Eastman Alert: What’s Your Emergency?

Eastman Alert: What’s Your Emergency?

October 4, 2017 was a scary day at Eastman Chemical Company’s Kingsport, Tennessee, headquarters.

Eastman Chemical Company, a global specialty materials manufacturer based in Kingsport, Tennessee, was originally established in 1920 to manufacture photographic chemicals for Eastman Kodak. The company has 47 manufacturing sites worldwide and employs approximately 14,500 people.

BlackBerry Limited, a Waterloo, Canada-based supplier of intelligent security software and services to enterprises and governments worldwide.


Casebook Study: Managing a Crisis

A series of explosions that morning had the company’s emergency management team, on-site firefighters, and first responders scrambling to ensure that employees, contractors, and neighbors were safe. The company fired off rapidly dispatched shelter-in-place notifications to pagers, two-way radios, and several other communication devices throughout the manufacturing campus and the nearby community.

Keith Bennett, who retired in January 2021 as Eastman’s emergency services manager, still has a small piece of shrapnel, a part of a pipe that was destroyed that day.

“There was equipment that literally self-destructed, and there were pieces as big as cars that were thrown a football field or farther,” Bennett recalls.

Surprisingly, the people injured needed only first-aid treatment; there was no loss of life or impact to human health or the environment, according to company documents.

Bennett credits the facility’s emergency notification system, which runs on BlackBerry’s AtHoc crisis communication solution, as one of the reasons why the company was able to respond so quickly and avoid more serious injuries or fatalities.

“We had our worst safety event in 50 years. That the emergency notification system performed as it was designed, and we were able to ensure people received communications about how to keep safe, shows how fast and how well that alert system works,” says Bennett, who has worked in the industry for 42 years and was involved with Eastman’s emergency response department for 14 years.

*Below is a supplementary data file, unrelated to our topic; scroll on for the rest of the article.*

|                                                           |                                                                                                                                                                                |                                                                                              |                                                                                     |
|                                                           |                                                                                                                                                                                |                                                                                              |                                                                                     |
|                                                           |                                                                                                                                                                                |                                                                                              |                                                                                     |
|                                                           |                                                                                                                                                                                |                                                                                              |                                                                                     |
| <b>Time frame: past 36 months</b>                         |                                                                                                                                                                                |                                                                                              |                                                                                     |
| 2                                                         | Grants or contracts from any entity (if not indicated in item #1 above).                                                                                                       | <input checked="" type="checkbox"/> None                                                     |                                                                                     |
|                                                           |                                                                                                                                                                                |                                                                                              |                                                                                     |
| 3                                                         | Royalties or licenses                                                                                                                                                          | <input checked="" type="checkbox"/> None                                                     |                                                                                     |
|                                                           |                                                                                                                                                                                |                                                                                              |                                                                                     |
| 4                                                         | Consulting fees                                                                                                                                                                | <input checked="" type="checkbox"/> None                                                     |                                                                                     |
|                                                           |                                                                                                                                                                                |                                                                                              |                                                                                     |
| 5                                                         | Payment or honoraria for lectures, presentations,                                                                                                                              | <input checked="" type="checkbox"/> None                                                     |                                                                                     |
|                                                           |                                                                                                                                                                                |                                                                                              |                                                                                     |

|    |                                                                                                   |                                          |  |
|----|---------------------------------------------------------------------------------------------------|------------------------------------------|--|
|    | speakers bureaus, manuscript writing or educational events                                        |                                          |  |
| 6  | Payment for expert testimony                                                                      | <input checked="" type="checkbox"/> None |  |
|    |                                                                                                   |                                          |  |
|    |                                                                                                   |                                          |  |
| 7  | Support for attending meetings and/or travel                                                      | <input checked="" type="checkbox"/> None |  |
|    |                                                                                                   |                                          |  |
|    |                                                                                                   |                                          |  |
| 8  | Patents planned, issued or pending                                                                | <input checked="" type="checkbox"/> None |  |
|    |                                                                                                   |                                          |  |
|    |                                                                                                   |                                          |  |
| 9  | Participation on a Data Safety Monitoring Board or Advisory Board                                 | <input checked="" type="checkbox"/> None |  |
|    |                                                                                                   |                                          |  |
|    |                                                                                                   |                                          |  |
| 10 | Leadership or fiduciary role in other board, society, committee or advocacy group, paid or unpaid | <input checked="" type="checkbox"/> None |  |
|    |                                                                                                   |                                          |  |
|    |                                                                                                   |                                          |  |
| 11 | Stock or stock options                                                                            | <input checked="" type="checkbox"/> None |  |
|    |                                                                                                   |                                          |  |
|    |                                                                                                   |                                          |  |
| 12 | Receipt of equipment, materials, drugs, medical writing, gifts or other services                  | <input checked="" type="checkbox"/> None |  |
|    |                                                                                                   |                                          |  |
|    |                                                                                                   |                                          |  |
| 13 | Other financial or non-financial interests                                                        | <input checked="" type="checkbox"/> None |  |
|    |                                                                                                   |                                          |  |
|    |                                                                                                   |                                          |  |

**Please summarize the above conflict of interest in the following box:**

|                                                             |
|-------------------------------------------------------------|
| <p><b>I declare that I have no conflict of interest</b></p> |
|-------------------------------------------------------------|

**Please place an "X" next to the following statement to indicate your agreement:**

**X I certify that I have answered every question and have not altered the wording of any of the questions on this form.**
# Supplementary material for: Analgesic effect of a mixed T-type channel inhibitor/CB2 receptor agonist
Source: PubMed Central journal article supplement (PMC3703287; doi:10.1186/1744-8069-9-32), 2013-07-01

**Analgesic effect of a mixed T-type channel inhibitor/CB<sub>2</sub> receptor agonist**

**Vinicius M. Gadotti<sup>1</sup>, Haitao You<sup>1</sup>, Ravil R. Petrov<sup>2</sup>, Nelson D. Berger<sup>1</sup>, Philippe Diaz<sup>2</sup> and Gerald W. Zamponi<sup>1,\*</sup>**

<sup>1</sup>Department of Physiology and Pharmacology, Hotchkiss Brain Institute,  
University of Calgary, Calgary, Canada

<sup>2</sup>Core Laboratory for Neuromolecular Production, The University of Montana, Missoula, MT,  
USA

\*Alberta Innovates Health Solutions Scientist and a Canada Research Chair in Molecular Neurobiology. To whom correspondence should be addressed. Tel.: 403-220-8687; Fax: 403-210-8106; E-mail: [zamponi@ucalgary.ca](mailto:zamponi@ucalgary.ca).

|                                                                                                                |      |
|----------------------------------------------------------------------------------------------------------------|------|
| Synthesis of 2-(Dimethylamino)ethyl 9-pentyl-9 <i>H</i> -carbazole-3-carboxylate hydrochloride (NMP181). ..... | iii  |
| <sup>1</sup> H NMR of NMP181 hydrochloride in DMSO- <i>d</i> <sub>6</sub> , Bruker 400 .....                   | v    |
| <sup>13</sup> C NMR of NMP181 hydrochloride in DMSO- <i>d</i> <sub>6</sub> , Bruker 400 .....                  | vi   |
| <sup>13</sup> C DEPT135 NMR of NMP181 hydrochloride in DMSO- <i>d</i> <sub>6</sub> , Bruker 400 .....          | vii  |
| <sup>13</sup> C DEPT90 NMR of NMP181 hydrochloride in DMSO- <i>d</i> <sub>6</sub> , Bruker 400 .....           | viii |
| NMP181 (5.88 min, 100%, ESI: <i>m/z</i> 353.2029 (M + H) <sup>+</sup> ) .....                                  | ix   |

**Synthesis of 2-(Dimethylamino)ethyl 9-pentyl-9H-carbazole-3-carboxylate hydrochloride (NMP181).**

Improve Critical Communications

Eastman Chemical Company’s roots go back to 1920 when it began producing chemicals for Eastman Kodak Company’s photographic business. The global specialty materials company, which had nearly $8.5 billion in sales in 2020, maintains 47 manufacturing facilities and equity interests in three manufacturing joint ventures in 14 countries that supply products to customers throughout the world, according to the company’s 2020 annual report.

Kingsport, Tennessee, is home to the company’s largest manufacturing operations and five operating divisions; the Kingsport campus is one of the largest manufacturing centers in the United States. Many of the chemicals made there end up in automotive parts, medical devices and packaging. Other bulk chemicals are shipped off and used by other companies.

Additionally, the company makes glare-reducing materials used in the layers of glass and plastic found in TVs, mobile phones, and other devices with screens.

The Kingsport site sits on 850 acres of land with about 7,000 employees and 3,000 contractors spread across 650 buildings. And, with safety top of mind, the campus also has its own on-site firefighters, emergency management technicians, and fire maintenance teams.

BridGing the Gap

A gap, however, existed in its emergency notification system. Critical communication alerts were passed over an antiquated system of ringdown phones (phones used to call shop-floor managers and employees), two-way radios, and pagers. The system began to fail, presenting opportunities for inconsistent messaging across the large-scale manufacturing operations, says Bennett.

The inherent complexity of such a big site involving thousands of people also required greater standardization, reliability, and efficient modern device technology.

In 2011, Eastman Chemical started an 18-month journey to strategically evaluate this much-needed communication system and identify ways it could improve its situational awareness, visibility, and control, says Bennett, who oversaw Eastman’s safety department and its emergency response program and was involved in the search for an alert notification upgrade.

“We had a very simple vision,” Bennett recalls. “Instead of cascading information through our ringdown phones—where the phone rings, somebody picks up, and then calls other people to start a chain of communication to inform everyone—our vision was 100% direct notification to everyone at the same time.

“That vision came with the need to change technology,” he adds.

Bennett and his team evaluated several vendors, and, in 2012, chose Waterloo, Canada-based BlackBerry Limited, which supplies intelligent security software and services to enterprises and governments across the globe.

BlackBerry’s premiere critical event management AtHoc solution had several features Eastman was looking for at the time. Two important factors were:

  • Eastman’s ability to retain its legacy systems of indoor speakers, local pagers, and two-way radios (foundational pieces of communication in a chemical manufacturing environment where mobile phone technology may pose a risk). 
  • Its desire to expand its alert notification network to other devices, such as email, computer pop-up messages, work and personal cell phones, desk phones, mobile apps, phone text messages, indoor speakers, digital signs, and team collaboration tools such as SharePoint.